Harreld: “There’s been a narrative that’s tried to emerge that we don’t support graduate students. Graduate students are great. You can’t keep doing what we’re doing, without them as students. There’s not an AAU institution period that doesn’t have a really high regard for graduate students and really and undergraduate students are really impactful to their work, teaching, and research, so we’ll do everything we possibly can to continue supporting our graduate students, period. Next then we get into the specifics of the collective bargaining agreement and then we get into how the state has changed the dynamics of how they’re negotiated.

“And I’ll just say a couple things. At one point, there were people saying I was avoiding those conversations. Well, those conversations need to be at the negotiation table. There were a lot of students trying to come to my office or sitting around my office. I’m actually not a party to those negotiations, they’re with the Board of Regents. And we need, as an administration, to be quite careful that we don’t disrupt those negotiations or tamper with them. We’re in a very dangerous zone, so every time I met with students and they say, you know, ‘We want to talk to you about this.’ No, the time and the conversation is back to the negotiating table. They’re a little bit in that mode right now as I understand that they were made an offer on wages and they haven’t responded, and that’s fine. That’s up to them, but I can’t make any of that.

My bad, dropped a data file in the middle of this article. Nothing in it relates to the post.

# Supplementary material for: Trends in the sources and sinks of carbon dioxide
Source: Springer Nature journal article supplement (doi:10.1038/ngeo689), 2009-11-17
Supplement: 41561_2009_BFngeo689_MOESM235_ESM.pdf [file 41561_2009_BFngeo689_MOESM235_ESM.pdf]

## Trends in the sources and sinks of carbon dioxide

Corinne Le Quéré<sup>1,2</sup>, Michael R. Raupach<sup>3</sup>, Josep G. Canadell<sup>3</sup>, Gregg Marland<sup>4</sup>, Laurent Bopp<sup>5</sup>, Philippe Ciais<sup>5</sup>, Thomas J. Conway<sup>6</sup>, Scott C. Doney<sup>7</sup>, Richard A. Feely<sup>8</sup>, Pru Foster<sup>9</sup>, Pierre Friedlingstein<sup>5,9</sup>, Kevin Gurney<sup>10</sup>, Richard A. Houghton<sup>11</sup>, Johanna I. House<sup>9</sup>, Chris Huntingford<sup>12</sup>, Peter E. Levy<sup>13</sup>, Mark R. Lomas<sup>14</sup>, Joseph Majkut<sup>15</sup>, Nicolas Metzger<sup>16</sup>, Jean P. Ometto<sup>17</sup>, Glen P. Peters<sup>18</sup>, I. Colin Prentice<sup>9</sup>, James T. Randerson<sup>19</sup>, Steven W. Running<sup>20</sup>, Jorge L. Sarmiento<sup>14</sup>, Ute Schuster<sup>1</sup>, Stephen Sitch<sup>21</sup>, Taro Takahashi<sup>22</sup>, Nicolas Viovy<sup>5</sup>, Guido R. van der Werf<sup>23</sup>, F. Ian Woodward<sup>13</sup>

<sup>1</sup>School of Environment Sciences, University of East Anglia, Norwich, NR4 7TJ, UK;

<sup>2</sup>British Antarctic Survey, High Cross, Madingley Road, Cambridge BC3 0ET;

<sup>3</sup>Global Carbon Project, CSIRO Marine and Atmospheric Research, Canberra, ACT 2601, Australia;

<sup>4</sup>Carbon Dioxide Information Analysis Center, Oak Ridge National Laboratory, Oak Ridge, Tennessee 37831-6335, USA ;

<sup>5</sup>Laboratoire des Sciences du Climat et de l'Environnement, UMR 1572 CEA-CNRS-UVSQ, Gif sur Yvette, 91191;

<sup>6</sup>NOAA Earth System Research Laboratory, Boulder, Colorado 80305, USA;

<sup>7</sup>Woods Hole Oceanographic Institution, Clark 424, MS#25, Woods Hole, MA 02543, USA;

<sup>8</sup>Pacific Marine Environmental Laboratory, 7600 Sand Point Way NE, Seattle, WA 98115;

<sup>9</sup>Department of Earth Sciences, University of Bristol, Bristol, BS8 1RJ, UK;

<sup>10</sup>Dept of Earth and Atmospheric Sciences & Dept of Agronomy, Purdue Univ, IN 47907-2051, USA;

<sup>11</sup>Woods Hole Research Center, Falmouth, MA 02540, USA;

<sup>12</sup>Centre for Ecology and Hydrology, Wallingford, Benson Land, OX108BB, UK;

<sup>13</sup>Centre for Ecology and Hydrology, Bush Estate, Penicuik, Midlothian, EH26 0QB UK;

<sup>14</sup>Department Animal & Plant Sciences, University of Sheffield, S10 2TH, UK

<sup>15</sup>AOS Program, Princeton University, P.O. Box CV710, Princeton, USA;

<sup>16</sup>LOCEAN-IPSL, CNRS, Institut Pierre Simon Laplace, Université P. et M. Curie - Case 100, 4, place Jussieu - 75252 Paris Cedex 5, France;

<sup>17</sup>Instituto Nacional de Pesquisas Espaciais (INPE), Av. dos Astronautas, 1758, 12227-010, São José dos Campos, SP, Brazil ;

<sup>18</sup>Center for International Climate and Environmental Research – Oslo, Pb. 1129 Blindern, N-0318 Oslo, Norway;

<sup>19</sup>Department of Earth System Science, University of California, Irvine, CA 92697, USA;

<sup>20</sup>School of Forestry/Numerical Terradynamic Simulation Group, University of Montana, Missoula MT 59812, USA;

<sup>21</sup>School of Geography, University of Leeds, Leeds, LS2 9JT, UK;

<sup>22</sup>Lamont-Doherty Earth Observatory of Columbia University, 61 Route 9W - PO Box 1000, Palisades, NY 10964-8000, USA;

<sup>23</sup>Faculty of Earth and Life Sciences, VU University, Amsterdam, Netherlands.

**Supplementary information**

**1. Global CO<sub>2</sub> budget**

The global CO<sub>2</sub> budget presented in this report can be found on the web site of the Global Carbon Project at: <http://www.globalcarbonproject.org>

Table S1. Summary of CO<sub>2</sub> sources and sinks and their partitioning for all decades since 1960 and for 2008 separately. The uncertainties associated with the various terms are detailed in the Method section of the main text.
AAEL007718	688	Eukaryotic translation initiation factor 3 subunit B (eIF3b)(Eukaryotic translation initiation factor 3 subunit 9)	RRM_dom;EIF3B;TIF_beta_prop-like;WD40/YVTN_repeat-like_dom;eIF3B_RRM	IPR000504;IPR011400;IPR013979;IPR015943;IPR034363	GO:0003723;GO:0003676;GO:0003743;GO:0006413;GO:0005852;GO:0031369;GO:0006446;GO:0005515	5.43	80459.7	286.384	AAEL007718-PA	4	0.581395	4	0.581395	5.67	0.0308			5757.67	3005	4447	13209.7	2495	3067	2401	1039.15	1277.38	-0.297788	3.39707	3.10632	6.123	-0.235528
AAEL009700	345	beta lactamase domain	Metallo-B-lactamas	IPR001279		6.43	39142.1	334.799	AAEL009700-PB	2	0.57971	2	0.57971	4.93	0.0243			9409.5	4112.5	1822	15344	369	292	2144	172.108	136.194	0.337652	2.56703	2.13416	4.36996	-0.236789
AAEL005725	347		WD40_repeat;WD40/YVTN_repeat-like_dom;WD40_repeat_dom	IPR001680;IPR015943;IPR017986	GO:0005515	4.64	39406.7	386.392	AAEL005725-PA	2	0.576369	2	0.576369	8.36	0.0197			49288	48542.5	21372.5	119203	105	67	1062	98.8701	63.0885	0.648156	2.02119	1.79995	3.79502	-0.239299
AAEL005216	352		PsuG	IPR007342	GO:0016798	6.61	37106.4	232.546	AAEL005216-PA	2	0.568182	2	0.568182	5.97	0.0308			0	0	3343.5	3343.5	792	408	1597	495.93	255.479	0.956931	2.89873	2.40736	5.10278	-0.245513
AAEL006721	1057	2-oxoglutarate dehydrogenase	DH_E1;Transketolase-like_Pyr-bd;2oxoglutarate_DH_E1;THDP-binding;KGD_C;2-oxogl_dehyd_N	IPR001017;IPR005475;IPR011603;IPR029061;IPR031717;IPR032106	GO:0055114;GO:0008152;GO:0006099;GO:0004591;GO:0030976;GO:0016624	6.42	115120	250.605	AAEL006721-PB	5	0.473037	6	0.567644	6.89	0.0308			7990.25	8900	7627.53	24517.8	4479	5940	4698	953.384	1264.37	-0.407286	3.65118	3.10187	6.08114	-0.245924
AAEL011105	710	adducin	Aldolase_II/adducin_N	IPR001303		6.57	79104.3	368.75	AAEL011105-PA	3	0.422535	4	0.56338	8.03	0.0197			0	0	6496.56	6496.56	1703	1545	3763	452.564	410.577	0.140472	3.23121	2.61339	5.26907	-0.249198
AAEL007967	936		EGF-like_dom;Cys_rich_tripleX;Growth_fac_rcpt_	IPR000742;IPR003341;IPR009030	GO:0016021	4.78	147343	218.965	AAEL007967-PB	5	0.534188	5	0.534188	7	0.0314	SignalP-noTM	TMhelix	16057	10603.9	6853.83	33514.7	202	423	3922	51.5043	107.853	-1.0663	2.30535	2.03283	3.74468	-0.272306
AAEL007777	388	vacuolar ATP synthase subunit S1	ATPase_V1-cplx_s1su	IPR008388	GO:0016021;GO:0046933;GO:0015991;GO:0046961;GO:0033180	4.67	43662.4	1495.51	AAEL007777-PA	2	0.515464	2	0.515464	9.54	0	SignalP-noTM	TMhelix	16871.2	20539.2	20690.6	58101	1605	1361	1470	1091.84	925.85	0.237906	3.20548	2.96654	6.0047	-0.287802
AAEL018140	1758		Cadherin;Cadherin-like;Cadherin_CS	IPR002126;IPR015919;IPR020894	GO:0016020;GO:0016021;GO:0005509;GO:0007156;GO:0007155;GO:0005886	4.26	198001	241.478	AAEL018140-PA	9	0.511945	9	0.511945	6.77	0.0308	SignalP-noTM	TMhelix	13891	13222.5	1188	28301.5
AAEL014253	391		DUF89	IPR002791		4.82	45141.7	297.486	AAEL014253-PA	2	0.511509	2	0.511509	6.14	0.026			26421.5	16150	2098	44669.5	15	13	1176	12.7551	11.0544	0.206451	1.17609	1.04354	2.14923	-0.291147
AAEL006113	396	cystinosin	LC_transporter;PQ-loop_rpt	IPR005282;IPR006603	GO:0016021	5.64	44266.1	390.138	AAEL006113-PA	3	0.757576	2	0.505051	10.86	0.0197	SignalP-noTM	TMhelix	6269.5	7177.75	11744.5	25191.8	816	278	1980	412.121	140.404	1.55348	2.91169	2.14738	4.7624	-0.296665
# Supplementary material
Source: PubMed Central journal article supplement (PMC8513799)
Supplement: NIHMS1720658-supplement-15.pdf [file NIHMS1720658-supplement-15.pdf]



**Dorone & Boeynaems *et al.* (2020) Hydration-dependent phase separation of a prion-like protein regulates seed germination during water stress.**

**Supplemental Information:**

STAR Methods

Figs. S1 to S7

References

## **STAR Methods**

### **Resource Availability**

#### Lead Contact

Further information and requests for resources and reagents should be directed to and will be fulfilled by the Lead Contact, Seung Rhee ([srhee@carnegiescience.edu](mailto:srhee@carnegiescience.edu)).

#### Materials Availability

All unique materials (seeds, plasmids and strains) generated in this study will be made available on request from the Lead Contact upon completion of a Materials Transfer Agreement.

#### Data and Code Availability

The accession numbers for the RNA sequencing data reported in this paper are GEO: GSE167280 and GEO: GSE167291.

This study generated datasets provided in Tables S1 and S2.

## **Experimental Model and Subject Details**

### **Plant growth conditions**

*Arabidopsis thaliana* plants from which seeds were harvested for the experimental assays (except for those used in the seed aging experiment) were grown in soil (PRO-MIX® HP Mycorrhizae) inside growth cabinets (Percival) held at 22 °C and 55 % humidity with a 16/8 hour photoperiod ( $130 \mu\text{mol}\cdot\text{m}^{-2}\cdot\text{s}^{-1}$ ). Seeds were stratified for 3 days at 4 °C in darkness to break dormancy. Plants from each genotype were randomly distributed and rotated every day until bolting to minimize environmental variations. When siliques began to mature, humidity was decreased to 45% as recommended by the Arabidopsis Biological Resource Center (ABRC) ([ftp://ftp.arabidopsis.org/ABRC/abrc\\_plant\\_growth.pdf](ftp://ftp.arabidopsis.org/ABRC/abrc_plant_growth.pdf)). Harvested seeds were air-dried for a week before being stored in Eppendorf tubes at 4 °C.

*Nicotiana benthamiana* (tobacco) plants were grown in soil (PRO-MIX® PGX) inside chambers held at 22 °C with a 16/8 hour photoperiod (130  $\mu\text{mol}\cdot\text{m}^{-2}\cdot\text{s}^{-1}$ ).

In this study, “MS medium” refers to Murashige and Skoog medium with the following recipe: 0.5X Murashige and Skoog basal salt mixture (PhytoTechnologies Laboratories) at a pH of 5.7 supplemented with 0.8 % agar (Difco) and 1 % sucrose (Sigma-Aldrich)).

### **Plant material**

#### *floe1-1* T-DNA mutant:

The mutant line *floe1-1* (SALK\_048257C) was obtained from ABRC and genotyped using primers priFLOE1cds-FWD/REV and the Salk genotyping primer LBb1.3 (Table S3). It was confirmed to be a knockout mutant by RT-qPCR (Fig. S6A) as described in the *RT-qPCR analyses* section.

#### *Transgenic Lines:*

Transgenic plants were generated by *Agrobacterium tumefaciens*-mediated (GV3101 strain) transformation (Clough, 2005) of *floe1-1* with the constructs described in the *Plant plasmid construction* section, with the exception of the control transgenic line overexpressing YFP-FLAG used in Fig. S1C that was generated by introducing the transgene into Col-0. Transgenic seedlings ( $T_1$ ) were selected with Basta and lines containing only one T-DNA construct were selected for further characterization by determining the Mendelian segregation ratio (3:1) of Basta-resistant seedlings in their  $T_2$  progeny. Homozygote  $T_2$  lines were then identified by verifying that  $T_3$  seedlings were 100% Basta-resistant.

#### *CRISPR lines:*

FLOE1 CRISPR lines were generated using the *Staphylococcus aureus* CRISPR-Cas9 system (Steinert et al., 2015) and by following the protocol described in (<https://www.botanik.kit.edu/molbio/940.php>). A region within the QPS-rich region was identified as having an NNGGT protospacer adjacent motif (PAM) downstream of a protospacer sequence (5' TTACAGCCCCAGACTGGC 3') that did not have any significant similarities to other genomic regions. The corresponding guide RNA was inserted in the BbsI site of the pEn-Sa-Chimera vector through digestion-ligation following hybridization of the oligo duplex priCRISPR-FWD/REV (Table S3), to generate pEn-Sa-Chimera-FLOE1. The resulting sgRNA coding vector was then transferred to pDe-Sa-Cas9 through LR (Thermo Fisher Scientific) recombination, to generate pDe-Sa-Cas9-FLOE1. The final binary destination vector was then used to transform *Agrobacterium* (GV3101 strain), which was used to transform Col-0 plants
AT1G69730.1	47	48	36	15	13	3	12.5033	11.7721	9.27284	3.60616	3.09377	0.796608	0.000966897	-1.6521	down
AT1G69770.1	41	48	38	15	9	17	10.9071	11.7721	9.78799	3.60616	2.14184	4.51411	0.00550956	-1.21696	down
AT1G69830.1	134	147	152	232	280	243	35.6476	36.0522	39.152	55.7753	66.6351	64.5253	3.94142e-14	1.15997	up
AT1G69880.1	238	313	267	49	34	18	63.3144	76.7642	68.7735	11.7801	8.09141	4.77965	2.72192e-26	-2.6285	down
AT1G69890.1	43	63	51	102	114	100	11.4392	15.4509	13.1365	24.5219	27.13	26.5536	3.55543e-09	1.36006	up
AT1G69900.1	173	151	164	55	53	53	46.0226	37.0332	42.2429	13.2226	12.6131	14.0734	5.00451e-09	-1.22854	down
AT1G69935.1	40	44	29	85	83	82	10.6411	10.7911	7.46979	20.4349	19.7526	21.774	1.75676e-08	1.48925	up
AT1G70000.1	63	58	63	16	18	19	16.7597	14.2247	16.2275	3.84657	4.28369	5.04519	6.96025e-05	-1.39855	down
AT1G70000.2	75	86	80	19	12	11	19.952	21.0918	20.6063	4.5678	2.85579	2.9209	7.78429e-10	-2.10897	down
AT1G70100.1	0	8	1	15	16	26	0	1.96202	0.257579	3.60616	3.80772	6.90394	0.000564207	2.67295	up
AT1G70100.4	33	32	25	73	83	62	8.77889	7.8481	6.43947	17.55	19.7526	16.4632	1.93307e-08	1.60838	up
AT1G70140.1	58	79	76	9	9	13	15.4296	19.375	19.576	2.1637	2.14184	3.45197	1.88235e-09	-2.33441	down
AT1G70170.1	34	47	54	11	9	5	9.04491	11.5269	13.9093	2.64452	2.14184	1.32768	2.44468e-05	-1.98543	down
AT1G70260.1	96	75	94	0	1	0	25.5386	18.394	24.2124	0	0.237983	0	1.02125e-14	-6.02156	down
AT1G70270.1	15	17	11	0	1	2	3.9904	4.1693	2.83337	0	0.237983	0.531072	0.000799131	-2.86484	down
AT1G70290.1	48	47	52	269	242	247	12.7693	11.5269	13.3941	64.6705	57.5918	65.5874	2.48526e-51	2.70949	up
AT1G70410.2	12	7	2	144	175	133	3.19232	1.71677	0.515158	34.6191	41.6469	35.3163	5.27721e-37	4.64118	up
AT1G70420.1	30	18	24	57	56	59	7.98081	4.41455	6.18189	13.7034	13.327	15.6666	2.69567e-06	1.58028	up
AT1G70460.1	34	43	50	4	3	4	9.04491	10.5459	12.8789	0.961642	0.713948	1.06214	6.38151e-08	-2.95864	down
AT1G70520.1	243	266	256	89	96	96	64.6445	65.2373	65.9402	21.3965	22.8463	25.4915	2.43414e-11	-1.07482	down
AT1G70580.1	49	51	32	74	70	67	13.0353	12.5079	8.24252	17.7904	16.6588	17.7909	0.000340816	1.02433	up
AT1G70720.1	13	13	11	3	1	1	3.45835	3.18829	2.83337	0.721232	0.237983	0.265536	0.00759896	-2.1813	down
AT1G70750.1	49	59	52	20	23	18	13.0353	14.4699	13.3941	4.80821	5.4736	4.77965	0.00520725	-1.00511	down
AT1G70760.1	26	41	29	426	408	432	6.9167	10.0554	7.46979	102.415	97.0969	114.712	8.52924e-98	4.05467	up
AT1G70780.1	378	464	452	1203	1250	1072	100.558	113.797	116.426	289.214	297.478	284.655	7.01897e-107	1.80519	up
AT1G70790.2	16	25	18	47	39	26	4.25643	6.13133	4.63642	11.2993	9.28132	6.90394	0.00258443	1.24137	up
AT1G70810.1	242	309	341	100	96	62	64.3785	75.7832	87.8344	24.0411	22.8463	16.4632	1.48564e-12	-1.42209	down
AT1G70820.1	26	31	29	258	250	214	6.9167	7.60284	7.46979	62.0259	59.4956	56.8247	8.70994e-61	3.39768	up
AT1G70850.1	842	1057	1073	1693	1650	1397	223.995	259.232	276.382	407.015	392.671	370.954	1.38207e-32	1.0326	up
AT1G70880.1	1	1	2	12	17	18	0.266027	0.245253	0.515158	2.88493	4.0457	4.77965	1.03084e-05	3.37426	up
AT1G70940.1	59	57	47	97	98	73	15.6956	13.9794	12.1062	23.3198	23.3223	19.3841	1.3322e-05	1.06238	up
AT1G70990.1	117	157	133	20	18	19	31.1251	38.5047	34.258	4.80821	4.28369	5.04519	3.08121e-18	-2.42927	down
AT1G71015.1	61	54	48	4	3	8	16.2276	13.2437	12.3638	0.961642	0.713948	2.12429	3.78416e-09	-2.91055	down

“Then there are the benefits. The benefit package we have actually — John Keller, the dean of the Graduate College, and Josh Schoenfeld, the president of the Graduate and Professional Student [Government], brought a note last Monday saying, ‘Here are the benefits.’ We’ve actually grandfathered the existing health benefits out for another 18 months. I think ultimately we want to put those students in our own pool because they’ve got benefits and better economics, but we’ll cross that 18 months from now. Secondly, we’ve actually increased the fees reimbursement. It was 25 percent; I think we’re now at 50 percent. I’m also hearing narrative that we’re doing something around holidays. No. No. Christmas is still Christmas. We still have July Fourth. I don’t know where all that’s coming from. There’s a narrative, this — I don’t know — maybe fear-mongering or something that’s going on. It’s just not true. Very important. We’ll continue. They think they know what the benefits are and then the salary discussions are going to have to be at the negotiating table.”